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The King Has....?
Once upon a time in Ireland, there lived a king named Breas. Breas had a secret, a terrible secret! Only the king's barbers knew the secret, and as soon as the king had his yearly haircut, he had the barber thrown in jail. That way, he thought, his awful secret would never be revealed.
One spring, young Seamus was chosen by lot to cut the king's hair. Seamus' knees knocked and his hands trembled as he entered the king's room. What secret could be so horrible that knowing it would cause him to be thrown in jail?
Slowly, Seamus set to work. He carefully and perfectly cut the king's hair. But as Seamus trimmed the hair on the sides of King Breas' head, he discovered the king's terrible secret! Seamus dropped his scissors and jumped back in fright. Oh, he thought, this is truly a horrible secret!
"Continue, and quickly!" roared Breas, turning red with embarrassment at having his secret found out once more. "Then you will be sent to prison like the others so that no one will ever know my secret."
At that moment, pushing past the guards, Seamus' old mother pleaded with the king.
"Please, King Breas, do not send my son to jail. He is my only child and my only support. Please do not leave me alone in the world!"
King Breas, remembering his own kind and gentle mother, looked at Seamus.
"Do you promise NEVER to reveal my secret?"
"Oh, yes!" stammered Seamus. "I will never tell what I have seen!"
"Then you may go," said King Breas. "But if you ever tell my secret, you will be severely punished."
"Oh, thank you, sir," cried Seamus' mother, as they left the room.
Seamus returned to his cottage and cared for his mother as before. But he could not forget the king's secret. The memory of what he had seen haunted his dreams. During the day, the memory frightened him so much that he was soon ill.
"I must tell this secret," thought Seamus. "I cannot keep it to myself any longer. It is too horrible. But I will not tell a person. I will tell a tree. Then the secret will be kept."
So off hurried Seamus to the forest. He went to the very center of the woods to the tallest tree. Placing his lips very close to the tree's rough bark, he whispered as quietly as he could, "The king has donkey's ears." Immediately Seamus felt much better!
Not long afterwards, the king's harpist was in the same forest. He was searching for the very best wood for a new harp he was planning to build. As he unknowingly examined the very tree to which Seamus had told the secret, the harpist shouted, "This is the best tree in the forest! I must have the wood from this very tree for my new harp!"
So the tree was chopped down and taken to the palace.
Several months later, the new harp was ready to be played. The king held a great dinner for all the people in the area. The harpist stepped into the king's presence and bowed low.
"This music was written especially for you, my king!"
As the harpist sat down and began to pluck the strings, everyone became very quiet. But the only sound that came from the harp was a melody that sounded very much like "The king has donkey ears! The king has donkey ears!"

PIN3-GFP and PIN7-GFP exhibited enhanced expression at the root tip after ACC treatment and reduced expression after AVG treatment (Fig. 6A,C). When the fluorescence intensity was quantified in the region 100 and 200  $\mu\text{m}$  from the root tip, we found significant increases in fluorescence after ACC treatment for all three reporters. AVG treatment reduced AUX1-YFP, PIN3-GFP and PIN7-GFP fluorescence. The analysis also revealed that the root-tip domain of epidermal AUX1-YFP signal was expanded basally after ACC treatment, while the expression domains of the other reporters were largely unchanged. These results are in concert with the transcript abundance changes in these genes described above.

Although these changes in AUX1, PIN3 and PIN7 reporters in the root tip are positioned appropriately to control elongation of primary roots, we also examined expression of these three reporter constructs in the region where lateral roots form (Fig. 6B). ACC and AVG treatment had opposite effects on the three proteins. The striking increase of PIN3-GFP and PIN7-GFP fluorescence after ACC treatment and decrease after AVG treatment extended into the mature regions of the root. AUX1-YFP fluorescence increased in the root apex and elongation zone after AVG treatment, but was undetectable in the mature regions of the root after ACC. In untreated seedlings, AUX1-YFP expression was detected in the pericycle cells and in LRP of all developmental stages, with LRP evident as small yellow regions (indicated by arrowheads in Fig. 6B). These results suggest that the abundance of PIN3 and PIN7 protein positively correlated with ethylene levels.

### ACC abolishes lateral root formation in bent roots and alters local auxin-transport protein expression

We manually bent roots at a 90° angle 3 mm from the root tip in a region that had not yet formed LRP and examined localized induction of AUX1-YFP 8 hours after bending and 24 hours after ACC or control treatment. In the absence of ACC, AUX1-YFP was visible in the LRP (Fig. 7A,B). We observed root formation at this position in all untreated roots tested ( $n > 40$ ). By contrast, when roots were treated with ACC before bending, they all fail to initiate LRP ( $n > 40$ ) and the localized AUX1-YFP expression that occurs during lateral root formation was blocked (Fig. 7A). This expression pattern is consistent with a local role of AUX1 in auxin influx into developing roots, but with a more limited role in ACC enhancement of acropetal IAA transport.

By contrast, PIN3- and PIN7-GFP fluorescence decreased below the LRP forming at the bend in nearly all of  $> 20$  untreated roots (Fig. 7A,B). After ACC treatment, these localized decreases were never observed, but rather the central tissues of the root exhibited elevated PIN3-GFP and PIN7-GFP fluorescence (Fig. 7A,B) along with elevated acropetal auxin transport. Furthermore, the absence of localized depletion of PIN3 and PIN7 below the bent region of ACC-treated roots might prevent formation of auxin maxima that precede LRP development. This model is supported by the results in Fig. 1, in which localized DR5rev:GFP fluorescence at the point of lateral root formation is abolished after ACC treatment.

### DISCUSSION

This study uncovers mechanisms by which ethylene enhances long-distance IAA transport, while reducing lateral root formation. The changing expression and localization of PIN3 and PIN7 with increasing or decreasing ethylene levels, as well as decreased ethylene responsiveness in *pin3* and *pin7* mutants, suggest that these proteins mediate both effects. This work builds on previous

King Breas leaped to his feet, shouting, "Where is the barber? He has broken his promise!"
But before the guards could find Seamus, one of the king's best friends came near.
"My king and dear friend," he smiled, "most of your people have known about your secret for years. But we knew how embarrassed you were, so we said nothing."
From that day on, King Breas was a very good king. He set free all the barbers in prison. He was surprised and pleased that none of his people minded his terrible secret. And so it was that King Breas lived happily ever after - donkey ears and all!
Les Chevaliers Gentil by Reverend F. O. Morris from Barewalls
King Carle of Cahle by Richard Brown from Barewalls
Morning Light by Tan Chun from Barewalls
Heraldic Harp from Barewalls
Cottage with blue door from Something Irish.
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Sun, Oct 1, 2017
In Ireland long ago, there were no pumpkins. For Hallowe'en, the people would carve out a turnip. Immigrants to America brought this tradition with them, but they quickly discovered that a big, bright orange pumpkin made a much better "Jack O' Lantern!" Other customs they brought with them were games such as Snap Apple and Ducking or Bobbing for Apples. Irish children didn't go Tricking or Treating as we know it; but they did receive gifts of apples and nuts from their friends and relatives. They also enjoyed eating Colcannon, a dish made from potatoes and cabbage, and for dessert, they often had apple dumplings or Stampy cakes made from potatoes and flavored with sugar, caraway seeds and cream.
Carved Turnip from University of British Columbia
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"No man ever wore a cravat as nice, as his own child's arm around his neck."
- Irish Proverb
Favorite Fairytales told in Ireland
by Virginia Haviland
One of a landmark series back in print for a new generation of young readers to collect and cherish.
Click here for Fairy Tales
A Child's Treasury of Irish Rhymes
Compiled by Alice Taylor
This playful collection of poetry is culled from Taylor's childhood memories. It whisks readers' imaginations to the Emerald Isle, and in the tradition of Irish lore, fairies, elves and mischievous shoemakers flit magically among the pages.
Click here for Children's Rhymes.